SPS was used to provide fuel tank thermal insulation on three tankers, delivering:

• Cost effective insulation of boundary between adjacent HFO and MGO tanks
• Maximum HFO and MGO tank capacity due to compact thickness of SPS
• No changes to existing structure
• Zero through-life maintenance

Carried out in Qatar by SPS Technology Network Partner, CTSOM, each of the three ships had 50m2 of SPS fitted to bulkheads between two adjacent fuel tanks. This was the first time Sandwich Plate System had been used in this type of application.

The SPS elastomer core provides an efficient thermal barrier while maximising available storage capacity, as there is no need for void spaces between tanks or changes to the ship’s structure. The standard SPS specification uses an 8mm steel top plate with a 40mm elastomer core.

The tankers each needed a thermal insulation boundary installed between two Heavy Fuel Oil (HFO) tanks to create a Low Sulphur Marine GasOil (LSMGO) tank as part of the ship owner’s strategy to meet new exhaust gas emission requirements.  IMO MARPOL 73/78 Annex VI had been amended to require new standards for marine fuel oils when vessels are operating in defined Emission Control Areas (ECA; as defined by the IMO), specifying a reduction of the sulphur content (SOx) to below 0.1% from January 2015.

Care must be taken to keep LSMGO fuels cool enough to maintain viscosity and avoid operating problems. For HFO tanks, the required viscosity is achieved by heating the fuel up to 90degC, whereas MGO should be stored at temperatures below 40degC. Therefore a layer of insulation is necessary between the adjacent tanks, to maintain optimum storage temperatures.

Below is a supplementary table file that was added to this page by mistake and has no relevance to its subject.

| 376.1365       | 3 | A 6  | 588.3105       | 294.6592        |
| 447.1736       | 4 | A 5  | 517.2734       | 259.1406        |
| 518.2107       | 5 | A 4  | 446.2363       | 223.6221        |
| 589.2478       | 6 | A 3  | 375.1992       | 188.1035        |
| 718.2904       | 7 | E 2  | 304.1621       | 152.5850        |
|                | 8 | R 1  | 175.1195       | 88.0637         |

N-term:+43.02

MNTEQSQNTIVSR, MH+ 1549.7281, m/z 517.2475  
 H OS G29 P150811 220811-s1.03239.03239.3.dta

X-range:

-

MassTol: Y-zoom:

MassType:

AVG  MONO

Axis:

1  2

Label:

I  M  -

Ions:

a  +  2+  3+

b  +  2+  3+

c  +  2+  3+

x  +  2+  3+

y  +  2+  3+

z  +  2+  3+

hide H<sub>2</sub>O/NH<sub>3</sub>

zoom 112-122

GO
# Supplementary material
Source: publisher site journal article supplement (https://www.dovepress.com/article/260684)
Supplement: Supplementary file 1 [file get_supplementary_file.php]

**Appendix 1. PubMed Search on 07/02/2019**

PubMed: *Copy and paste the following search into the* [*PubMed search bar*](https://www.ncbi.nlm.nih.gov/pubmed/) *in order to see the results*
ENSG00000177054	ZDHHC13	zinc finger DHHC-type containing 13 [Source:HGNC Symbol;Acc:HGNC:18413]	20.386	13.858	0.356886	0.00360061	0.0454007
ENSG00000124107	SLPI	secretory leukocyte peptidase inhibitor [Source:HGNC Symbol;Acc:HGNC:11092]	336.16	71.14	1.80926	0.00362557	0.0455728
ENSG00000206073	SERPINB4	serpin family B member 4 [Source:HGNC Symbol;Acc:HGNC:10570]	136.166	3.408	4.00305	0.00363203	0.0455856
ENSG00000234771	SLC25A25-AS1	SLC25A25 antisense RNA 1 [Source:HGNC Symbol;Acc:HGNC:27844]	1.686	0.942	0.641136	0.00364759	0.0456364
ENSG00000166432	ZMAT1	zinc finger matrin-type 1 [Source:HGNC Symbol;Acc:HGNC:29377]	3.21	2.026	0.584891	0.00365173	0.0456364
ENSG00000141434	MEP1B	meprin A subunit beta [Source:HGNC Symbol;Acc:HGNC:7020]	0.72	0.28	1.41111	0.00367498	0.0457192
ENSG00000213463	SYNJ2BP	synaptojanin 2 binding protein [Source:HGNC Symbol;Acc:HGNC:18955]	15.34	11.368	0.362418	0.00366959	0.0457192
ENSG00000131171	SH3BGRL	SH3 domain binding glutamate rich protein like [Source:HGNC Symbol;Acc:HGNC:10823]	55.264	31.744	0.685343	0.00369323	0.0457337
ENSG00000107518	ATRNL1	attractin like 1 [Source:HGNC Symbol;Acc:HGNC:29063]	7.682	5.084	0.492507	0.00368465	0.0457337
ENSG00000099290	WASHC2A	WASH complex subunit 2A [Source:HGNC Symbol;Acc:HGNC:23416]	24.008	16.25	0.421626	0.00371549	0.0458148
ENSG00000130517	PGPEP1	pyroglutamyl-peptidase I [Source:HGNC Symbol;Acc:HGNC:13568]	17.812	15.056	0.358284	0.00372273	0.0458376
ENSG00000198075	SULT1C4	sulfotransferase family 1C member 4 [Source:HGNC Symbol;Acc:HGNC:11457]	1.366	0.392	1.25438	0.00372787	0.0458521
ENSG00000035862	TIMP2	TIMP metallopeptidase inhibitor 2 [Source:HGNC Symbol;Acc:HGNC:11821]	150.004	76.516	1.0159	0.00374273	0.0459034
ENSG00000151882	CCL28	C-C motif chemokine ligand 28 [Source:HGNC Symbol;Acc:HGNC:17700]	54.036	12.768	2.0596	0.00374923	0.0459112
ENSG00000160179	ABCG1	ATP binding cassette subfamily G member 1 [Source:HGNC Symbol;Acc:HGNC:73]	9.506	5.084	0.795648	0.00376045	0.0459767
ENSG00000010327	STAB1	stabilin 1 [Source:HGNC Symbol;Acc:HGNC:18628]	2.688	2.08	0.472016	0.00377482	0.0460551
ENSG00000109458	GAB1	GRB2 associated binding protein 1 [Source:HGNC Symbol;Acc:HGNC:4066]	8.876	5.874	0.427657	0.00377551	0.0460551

In this project, the Owners proposed to add LSMGO storage tanks to a series of vessels, but were concerned that the proximity of the HFO tanks may result in the LSMGO exceeding the maximum allowable temperature of 50°C, or 10°C below the fuel’s flash point.

It was established that the insulating properties of SPS’s elastomer core reduced the rise of the LSMGO temperature.

Lloyd’s Register EMEA’s Technical Investigation Department (TID) modelled heat transfer through a proposed LSMGO storage tank on a series of vessels. The assessment of the thermodynamics of the vessel in the vicinity of the tanks was carried out by both:

  • a simplified thermodynamic calculation, taking into account conduction only;
  • as well as a much more complex approach with a three-dimensional heat transfer CFD modelling capturing both conduction and convection.

The results from these analyses showed that:

  • the mean LSMGO temperature will not exceed 50°C under normal operating conditions;
  • the rate of temperature rise of the LSMGO is less than 2°C/month.

Read more about how SPS was used to create Enhanced Oil Recovery Tanks onboard the FPSO Glen Lyon.

Please see more about SPS Technology Maritime and Offshore projects. Or, follow us on LinkedIn.